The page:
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In nearly three decades as an IP litigator, Irell & Manella partner Morgan Chu has racked up dozens of court victories, and he’s learned a thing or two about presenting a persuasive (and winning) case. So in going before the jury in client Immersion Corp.’s patent infringement case against Sony Corp., Chu followed a couple of tried and true lessons — and brought home an $82 million verdict. Lesson one: Try to win the jury’s trust by taking time to thoroughly teach them the relevant technology and law. “It’s such a precious gift to have someone teach you something,” says Chu, who is based in Irell’s Los Angeles office, “and people tend to trust the person who taught it to them.” Lesson tw Seize every opportunity to show that the other side’s witnesses are less believable. “In cases involving a heavy dose of technology, it can seem like a battle of experts,” says Chu. “You have to be able to present your case so jurors know who should win.” With those rules in mind, Chu’s eight-lawyer team’s first move in the September trial was to give jurors some essential background information on the San Jose, Calif.-based Immersion’s technology. That technology, now standard in video games, makes it possible for game players to feel a sophisticated range of vibrations and sensations, such as car wheels on pavement or horses galloping, when gripping a computer joystick. Chu’s first witness, Mark Yim, was a co-inventor of the two Immersion patents. Yim recounted how in the mid-1990s, fresh from earning a Ph.D. from Stanford University in mechanical engineering, he had devised a low-cost system in which a computer program controlled tiny motors that created vibrations that a user could feel. Yim first applied for the patents in 1995. “We basically said, ‘Here’s the inventor, he’s a straight-shooter, and here’s what he did,’” says Chu. From there, the Irell & Manella team called on patent expert George Gerstman, a partner at Chicago’s Seyfarth Shaw, who Chu had worked with before for a mutual client. Gerstman explained how an invention is patented, and how Immersion’s patents were approved. “Lawyers are often not good witnesses because their egos get in the way,” says Chu “But he was engaging, articulate, and easy to understand.” Next up was Immersion chief executive Victor Viegas, who testified that the 140-employee company had invested heavily to develop a portfolio of some 240 patents in the field of haptics, or touch-related digital technology. He also noted that while the 11-year-old company earns a portion of its $20 million in annual revenue from other sources, such as joint development agreements with other companies, it relies heavily on fees earned through licensing. To drive home the nuts and bolts of its infringement case, the Irell & Manella team turned to Northwestern University mechanical engineering professor Edward Colgate. Using a variety of charts, diagrams, and animated graphics, as well as a simple yo-yo, Colgate gave jurors a more intensive primer on how Immersion’s technology works. Then he went through the specific claims in Immersion’s patents, and discussed how the series of engineering tests he performed showed that Sony’s PlayStation 2 had infringed Immersion’s patents. (Microsoft Corp. had originally been named as a co-defendant, but settled with Immersion for $26 million last year.) Sony’s lawyer was another heavyweight in the intellectual property bar — Matthew Powers, a partner in Weil, Gotshal & Manges’ Redwood Shores, Calif., office. In opening arguments, Powers tried to portray Immersion as a small company that was targeting a deep-pocketed corporation with a meritless infringement case. His first witness, Shinichi Okamoto, Sony’s former chief technology officer, recalled the millions of dollars Sony had spent to develop the PlayStation. Okamoto also insisted the company had developed its own touch-related technology, as featured in such games as SOCOM: U.S. Navy SEALS, in which players can feel the sensation of a Navy SEAL’s beating heart. Powers argued that Immersion’s patents were invalid because other inventors, including engineers at AT&T Corp., had come up with the technology first. Chu’s team, however, pointed out that the Patent and Trademark Office had already examined key pieces of the prior art put forth by Sony at trial, and still issued the Immersion patents. In a bid to undermine Sony’s efforts to minimize damages, Chu also cast doubt on a survey commissioned by Sony that purportedly showed that the touch-related technology was not important to video game buyers. That survey was done by San Francisco-based Field Research Corp. In his cross of Field Research chief executive Debra Jay, Chu pointed out that Sony had paid roughly $100,000 for the survey, and argued that Field Research had failed to validate its results in accordance with Federal Judicial Center evidentiary guidelines. Chu hammered home the credibility issue during his cross of Sony’s chief expert witness — Kenneth Salisbury, a Stanford University computer science professor. Showing jurors transcripts and video copies of Salisbury’s deposition testimony, Chu pointed out that in numerous instances, statements Salisbury had made concerning prior art and invalidity differed from his trial testimony. “Our witnesses were more consistently credible across the board,” says Chu. The jury in federal district court in Oakland, Calif., apparently agreed: After deliberating for a week, it found that Sony had infringed and awarded Immersion $82 million in damages. “Obviously, Sony was hoping for a defense verdict,” says Powers, though he adds that the good news is that the infringement was not found to be willful. If Sony isn’t able to reverse the verdict during posttrial hearings, he says, “there are a variety of issues that are ripe for appeal.” Immersion chief executive Viegas isn’t worried. “I think they misread the strength of our legal team,” he says.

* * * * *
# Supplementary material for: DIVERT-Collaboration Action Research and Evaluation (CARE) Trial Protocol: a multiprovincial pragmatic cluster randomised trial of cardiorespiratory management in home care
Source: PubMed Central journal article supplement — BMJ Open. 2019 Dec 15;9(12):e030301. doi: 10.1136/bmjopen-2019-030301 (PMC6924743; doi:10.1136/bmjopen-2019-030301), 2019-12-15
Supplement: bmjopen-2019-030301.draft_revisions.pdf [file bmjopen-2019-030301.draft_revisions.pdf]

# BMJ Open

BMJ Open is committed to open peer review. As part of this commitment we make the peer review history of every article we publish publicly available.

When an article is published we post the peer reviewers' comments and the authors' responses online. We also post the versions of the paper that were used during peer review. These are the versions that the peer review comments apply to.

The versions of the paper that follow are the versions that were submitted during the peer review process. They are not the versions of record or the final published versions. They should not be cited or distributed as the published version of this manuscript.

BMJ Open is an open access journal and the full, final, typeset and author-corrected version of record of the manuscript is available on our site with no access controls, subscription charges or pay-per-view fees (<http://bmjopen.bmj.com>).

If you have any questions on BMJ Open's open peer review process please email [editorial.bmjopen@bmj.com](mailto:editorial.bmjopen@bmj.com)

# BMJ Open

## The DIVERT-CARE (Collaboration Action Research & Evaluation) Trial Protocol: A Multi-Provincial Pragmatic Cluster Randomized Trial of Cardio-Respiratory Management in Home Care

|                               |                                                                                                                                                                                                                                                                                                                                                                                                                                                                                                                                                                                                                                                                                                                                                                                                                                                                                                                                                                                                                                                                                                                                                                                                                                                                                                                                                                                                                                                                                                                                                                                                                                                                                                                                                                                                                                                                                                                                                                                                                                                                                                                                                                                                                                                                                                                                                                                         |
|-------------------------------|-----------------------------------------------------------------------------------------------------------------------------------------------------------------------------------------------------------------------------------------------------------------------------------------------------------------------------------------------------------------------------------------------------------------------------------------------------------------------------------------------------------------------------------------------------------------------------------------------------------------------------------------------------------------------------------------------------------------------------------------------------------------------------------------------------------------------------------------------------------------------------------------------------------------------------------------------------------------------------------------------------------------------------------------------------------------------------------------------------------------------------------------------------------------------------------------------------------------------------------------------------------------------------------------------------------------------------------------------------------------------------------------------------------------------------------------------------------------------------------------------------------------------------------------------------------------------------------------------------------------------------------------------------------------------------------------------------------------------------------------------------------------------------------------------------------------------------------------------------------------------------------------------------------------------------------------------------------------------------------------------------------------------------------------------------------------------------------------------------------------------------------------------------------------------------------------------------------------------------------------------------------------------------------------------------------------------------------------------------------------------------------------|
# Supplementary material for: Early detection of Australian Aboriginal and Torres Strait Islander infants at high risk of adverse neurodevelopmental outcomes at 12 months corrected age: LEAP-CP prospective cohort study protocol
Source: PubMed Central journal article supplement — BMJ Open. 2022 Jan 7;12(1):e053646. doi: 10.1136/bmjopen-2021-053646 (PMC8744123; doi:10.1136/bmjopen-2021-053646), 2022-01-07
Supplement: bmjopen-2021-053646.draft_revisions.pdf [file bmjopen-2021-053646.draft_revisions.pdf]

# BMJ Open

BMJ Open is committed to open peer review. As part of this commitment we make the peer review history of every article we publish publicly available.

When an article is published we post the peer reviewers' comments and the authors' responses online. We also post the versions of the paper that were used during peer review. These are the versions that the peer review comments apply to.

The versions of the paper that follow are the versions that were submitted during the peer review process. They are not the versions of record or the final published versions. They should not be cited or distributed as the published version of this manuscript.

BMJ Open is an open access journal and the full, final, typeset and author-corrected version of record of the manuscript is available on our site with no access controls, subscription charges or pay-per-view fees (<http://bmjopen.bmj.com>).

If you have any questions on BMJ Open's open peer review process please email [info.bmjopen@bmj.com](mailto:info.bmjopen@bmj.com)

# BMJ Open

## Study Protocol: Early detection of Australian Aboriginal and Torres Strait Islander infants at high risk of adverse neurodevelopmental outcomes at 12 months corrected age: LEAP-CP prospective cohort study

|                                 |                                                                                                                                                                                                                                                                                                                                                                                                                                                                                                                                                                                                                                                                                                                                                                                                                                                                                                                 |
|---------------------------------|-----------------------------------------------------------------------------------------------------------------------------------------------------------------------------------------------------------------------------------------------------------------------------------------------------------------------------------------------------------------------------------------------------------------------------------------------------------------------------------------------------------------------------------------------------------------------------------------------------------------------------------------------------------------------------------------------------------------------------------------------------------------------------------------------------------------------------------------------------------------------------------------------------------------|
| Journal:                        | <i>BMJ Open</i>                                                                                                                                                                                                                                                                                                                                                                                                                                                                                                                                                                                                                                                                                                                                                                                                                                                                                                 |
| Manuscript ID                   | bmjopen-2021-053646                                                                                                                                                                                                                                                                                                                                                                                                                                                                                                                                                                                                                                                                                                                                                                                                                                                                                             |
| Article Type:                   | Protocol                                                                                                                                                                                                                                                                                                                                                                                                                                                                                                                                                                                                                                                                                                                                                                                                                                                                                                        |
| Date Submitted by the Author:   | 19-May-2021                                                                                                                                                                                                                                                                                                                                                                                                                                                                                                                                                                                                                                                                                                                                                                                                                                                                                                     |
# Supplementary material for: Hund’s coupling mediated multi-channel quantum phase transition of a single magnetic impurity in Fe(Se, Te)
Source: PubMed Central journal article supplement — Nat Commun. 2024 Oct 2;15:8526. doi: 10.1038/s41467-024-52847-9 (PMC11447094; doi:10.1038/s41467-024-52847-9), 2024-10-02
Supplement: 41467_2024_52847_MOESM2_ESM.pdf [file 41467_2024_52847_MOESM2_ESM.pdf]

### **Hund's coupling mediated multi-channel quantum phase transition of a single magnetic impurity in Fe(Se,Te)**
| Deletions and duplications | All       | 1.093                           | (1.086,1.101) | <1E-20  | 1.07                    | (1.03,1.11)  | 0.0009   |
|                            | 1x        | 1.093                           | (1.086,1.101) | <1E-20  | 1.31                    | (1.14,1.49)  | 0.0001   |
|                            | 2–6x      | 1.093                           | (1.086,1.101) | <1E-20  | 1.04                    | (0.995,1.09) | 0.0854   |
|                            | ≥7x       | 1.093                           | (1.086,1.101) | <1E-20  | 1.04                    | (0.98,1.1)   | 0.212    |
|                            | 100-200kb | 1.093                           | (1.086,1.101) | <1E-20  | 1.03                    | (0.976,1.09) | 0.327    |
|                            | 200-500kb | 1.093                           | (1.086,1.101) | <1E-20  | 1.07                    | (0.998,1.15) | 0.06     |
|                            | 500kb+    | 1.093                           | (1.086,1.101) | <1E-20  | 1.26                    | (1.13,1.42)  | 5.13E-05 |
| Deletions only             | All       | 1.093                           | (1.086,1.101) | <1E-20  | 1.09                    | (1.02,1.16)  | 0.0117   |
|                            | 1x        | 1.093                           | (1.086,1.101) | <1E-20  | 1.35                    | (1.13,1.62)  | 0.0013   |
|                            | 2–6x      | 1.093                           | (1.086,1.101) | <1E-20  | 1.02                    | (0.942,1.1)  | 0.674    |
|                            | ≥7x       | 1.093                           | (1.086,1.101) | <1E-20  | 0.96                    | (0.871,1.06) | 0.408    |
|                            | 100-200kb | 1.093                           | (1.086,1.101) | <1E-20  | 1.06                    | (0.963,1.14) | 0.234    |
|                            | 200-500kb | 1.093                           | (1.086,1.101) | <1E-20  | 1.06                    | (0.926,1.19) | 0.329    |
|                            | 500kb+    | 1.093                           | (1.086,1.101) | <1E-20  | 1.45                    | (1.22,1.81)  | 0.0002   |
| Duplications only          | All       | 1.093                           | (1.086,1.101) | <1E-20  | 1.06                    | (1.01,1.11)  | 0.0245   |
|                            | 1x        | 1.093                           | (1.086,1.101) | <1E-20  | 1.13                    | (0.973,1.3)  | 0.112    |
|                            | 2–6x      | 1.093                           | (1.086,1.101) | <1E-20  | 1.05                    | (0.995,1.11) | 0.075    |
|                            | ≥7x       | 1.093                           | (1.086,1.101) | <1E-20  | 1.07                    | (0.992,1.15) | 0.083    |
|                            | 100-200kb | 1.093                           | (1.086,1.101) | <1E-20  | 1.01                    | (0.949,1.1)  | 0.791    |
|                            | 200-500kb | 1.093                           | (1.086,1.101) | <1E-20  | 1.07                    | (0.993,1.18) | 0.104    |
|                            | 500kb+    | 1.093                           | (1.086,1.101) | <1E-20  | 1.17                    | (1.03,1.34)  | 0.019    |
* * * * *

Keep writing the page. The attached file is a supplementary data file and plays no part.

CASE: Immersion Corp. v. Sony Computer Entertainment America Inc. WINNER:Immersion TECHNOLOGY:Software that enables video game players to experience tactile sensations when wielding a joystick during gameplay THE STAKES:Immersion was awarded $82 million, and plans to seek a permanent injunction to block Sony from selling 47 PlayStation games that use its technology. LESSON LEARNED:Attack the credibility of survey results.